For the first time at the University of Otago's O Week, drug checking is out of a legal grey area and out in the open.
Know Your Stuff NZ volunteers began three days of testing samples of illegal recreational drugs in the front room of the Otago University Students' Association's Clubs and Socs building, in Albany St, yesterday.
The drug-checking service has worked behind the scenes in previous years at O Week, and has since 2019 been promoted by the OUSA.
But temporary legislation was only passed late last year to give legal certainty to drug-checking organisations such as Know Your Stuff NZ.
OUSA chief executive Debbie Downs said she hoped the association had played a role in normalising drug checking for MDMA and other drugs among young people.
Once she had understood the prevalence of recreational MDMA-like drugs such as molly, or ecstasy, among student-aged people, she had decided that an anti-drug campaign would be fruitless.
The best role for the OUSA was to try to reduce drug harm, Downs said.
"It's a very, very different world to 20, 25 years ago when I might have been at a party somewhere," she said.
"As older adults, as parents, sometimes we forget that.
"It's as common as having a beer."
Know Your Stuff NZ Dunedin regional and South Island manager Finn Boyle said it was difficult to say whether there had been an increased uptake of testing since the temporary legislation was passed in December, but testing results this summer had been concerning.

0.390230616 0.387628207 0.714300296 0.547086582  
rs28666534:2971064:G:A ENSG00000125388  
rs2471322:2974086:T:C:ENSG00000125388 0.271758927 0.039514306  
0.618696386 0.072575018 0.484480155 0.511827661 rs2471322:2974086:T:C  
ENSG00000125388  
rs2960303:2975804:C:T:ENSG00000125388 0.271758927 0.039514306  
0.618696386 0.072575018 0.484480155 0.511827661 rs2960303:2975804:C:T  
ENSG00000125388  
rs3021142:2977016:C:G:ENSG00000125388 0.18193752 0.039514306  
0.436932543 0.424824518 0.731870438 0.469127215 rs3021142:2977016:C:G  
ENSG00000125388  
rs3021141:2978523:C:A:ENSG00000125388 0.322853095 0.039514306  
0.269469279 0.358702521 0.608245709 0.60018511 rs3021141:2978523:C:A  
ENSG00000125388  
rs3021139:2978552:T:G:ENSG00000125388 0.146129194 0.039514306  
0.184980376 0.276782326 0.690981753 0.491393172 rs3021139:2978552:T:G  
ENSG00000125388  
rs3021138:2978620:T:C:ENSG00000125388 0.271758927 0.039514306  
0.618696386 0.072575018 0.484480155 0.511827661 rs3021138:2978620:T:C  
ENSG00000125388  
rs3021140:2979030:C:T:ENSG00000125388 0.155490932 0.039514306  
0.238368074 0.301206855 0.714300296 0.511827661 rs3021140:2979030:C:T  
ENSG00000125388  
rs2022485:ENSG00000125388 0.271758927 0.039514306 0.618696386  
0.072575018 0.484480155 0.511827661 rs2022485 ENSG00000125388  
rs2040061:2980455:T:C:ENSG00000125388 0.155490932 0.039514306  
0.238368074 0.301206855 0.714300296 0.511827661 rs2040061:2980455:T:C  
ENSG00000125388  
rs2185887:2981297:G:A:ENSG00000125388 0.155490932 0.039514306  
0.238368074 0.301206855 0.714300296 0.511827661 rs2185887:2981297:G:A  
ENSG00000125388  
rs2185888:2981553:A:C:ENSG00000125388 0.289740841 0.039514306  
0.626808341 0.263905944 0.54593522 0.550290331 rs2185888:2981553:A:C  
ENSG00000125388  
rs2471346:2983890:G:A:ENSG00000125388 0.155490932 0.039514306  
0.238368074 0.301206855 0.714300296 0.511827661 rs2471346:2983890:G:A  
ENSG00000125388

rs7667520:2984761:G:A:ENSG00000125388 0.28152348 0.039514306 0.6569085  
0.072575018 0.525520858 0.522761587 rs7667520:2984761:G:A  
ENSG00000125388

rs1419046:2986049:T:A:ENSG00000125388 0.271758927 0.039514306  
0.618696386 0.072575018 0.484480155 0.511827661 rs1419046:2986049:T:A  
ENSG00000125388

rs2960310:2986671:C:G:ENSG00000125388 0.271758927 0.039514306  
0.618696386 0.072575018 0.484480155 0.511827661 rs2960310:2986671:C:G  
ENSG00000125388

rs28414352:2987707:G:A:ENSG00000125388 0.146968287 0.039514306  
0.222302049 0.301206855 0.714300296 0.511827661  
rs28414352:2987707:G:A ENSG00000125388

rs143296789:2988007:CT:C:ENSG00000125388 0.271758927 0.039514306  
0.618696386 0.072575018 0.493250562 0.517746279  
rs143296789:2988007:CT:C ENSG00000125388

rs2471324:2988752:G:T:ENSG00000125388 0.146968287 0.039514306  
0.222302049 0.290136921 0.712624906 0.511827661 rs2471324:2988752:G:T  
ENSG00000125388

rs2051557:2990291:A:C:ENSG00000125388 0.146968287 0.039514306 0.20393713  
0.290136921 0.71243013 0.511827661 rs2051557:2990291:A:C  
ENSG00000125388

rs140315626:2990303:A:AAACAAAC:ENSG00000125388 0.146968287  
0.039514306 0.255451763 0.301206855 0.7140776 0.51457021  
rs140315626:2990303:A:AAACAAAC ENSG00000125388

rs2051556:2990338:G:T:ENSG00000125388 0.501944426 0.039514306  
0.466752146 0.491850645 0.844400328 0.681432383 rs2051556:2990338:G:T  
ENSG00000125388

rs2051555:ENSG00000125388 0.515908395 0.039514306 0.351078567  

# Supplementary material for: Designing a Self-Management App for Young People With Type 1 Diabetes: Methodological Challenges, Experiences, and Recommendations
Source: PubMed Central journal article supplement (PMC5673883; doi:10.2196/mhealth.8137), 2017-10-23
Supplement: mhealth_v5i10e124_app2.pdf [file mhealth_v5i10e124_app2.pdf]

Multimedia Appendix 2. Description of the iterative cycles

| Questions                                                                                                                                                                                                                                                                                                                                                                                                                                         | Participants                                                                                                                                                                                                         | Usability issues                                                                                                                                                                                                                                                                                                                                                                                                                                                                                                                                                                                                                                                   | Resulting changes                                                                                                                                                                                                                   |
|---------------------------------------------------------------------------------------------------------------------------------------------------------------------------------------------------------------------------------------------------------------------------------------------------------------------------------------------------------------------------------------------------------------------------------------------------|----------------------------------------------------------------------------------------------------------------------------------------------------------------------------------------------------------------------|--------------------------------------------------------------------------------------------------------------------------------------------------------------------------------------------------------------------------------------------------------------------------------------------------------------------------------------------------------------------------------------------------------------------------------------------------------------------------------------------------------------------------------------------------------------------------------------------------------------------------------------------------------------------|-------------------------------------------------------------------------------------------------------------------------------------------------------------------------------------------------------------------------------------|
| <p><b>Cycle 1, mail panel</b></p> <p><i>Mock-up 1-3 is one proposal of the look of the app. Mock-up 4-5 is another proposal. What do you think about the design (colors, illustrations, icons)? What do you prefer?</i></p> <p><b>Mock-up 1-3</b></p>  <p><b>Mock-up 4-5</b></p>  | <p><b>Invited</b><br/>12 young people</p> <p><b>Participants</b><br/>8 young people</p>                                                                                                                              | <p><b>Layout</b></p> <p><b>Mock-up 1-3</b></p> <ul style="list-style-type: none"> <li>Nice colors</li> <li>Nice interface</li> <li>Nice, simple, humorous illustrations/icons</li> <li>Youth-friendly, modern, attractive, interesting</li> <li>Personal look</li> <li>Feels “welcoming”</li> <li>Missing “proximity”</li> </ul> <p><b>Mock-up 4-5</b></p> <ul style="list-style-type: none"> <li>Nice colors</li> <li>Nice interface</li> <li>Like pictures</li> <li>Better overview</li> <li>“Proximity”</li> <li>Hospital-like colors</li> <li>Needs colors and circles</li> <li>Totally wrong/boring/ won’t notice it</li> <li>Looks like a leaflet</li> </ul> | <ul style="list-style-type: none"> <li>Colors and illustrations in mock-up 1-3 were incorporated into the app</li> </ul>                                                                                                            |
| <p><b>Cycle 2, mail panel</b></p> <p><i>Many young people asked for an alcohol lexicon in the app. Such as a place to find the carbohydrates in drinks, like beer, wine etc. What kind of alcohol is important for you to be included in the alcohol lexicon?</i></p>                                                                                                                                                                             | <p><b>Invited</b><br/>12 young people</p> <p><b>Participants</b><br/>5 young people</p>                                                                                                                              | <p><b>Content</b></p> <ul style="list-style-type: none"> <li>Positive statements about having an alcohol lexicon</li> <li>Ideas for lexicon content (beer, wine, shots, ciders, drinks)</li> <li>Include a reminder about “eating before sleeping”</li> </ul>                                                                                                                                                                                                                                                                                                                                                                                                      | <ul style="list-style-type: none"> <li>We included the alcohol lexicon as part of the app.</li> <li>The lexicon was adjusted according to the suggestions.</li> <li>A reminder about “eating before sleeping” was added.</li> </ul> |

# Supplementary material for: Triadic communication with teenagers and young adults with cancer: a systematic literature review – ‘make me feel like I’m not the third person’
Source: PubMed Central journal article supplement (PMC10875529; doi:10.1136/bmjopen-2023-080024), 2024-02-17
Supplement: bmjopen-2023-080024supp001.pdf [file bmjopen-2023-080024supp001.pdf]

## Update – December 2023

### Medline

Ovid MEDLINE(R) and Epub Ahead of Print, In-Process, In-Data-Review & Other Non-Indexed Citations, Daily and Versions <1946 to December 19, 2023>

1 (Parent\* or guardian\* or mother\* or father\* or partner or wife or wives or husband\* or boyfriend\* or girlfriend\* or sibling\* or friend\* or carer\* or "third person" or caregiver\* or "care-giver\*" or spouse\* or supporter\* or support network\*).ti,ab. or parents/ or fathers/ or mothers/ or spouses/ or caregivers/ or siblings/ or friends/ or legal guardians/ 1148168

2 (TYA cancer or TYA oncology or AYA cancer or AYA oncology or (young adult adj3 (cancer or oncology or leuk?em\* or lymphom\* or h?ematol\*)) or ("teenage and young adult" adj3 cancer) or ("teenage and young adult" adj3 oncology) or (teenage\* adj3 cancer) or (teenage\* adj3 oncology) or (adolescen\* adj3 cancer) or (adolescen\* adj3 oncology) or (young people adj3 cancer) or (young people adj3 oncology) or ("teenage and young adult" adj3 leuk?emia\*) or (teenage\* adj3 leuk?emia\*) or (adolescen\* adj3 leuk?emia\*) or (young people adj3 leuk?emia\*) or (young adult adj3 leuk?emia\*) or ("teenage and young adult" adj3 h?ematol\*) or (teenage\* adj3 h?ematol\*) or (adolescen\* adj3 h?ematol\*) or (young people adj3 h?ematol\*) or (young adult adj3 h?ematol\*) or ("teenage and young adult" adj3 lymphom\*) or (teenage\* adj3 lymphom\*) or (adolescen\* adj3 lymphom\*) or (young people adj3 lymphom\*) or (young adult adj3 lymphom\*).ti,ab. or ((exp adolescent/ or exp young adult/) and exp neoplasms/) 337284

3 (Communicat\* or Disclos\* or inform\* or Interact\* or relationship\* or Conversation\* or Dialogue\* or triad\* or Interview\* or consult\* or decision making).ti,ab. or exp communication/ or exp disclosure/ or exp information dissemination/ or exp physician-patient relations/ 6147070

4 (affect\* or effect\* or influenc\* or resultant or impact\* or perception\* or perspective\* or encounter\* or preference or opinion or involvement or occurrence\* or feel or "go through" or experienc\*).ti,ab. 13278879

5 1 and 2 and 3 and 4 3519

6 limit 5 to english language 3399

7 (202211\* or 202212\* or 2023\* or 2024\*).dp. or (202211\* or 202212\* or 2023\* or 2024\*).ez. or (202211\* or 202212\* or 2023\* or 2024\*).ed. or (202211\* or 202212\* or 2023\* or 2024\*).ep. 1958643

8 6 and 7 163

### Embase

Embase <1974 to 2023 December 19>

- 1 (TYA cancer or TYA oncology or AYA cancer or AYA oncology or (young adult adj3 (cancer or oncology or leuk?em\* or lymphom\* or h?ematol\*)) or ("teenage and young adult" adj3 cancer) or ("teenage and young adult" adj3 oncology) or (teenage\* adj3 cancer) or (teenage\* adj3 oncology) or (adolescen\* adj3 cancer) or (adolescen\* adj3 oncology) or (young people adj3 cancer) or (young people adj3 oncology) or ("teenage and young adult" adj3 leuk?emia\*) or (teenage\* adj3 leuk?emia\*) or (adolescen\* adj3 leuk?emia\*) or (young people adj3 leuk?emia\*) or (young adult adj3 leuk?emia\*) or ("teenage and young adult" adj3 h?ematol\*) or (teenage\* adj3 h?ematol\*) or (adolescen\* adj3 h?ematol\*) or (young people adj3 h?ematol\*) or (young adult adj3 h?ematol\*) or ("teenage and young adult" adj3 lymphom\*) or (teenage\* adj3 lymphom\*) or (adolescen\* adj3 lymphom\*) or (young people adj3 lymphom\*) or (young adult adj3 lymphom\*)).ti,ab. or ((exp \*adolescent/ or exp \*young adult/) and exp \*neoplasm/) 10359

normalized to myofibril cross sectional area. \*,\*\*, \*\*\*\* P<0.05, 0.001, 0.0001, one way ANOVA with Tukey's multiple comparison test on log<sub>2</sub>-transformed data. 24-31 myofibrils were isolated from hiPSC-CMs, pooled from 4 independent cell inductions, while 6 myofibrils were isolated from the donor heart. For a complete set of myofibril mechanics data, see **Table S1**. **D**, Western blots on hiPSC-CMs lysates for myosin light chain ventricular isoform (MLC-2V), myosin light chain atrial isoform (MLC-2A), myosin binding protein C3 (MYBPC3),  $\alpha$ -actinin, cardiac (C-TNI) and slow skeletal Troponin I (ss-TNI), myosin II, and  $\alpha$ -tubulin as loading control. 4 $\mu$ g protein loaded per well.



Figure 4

More than two-thirds of the presumed MDMA tested this month in Dunedin was a potentially dangerous substitute.
Only about 30 per cent of drugs presumed to be MDMA in Dunedin were MDMA.
More often than not the drugs were a substitute drug, typically from the cathinone family.
And nearly half of the supposed MDMA tested was the new, and potentially dangerous, drug eutylone.
Eutylone was first identified in New Zealand at an OUSA event in 2018, Boyle said.
About 80 per cent of the drugs Know Your Stuff NZ volunteers were testing was presumed to be MDMA, but testing LSD and ketamine was also common.
The drug-checking company had always been public about its purpose and its results, but it had to be quiet about the events it attended, he said.
With the new legislation, it could now be very clear about where it was testing, Boyle said.
But a stigma remained around clients and the testers themselves.
Some people held the view Know Your Stuff NZ volunteers were at events to encourage drug use, but Boyle said the organisation was concerned with informed decision-making.
The least risky drug was no drug at all, he said.
"But we accept that often people do choose to use drugs and so we are here to try to reduce the harms and risks involved with that behaviour."
When the temporary legislation was passed in December, Health Minister Andrew Little said the Government would develop and consult on regulations to provide a long-term solution.
There was evidence that drug harm-reduction initiatives had not resulted in more drug use but kept people safer, he said.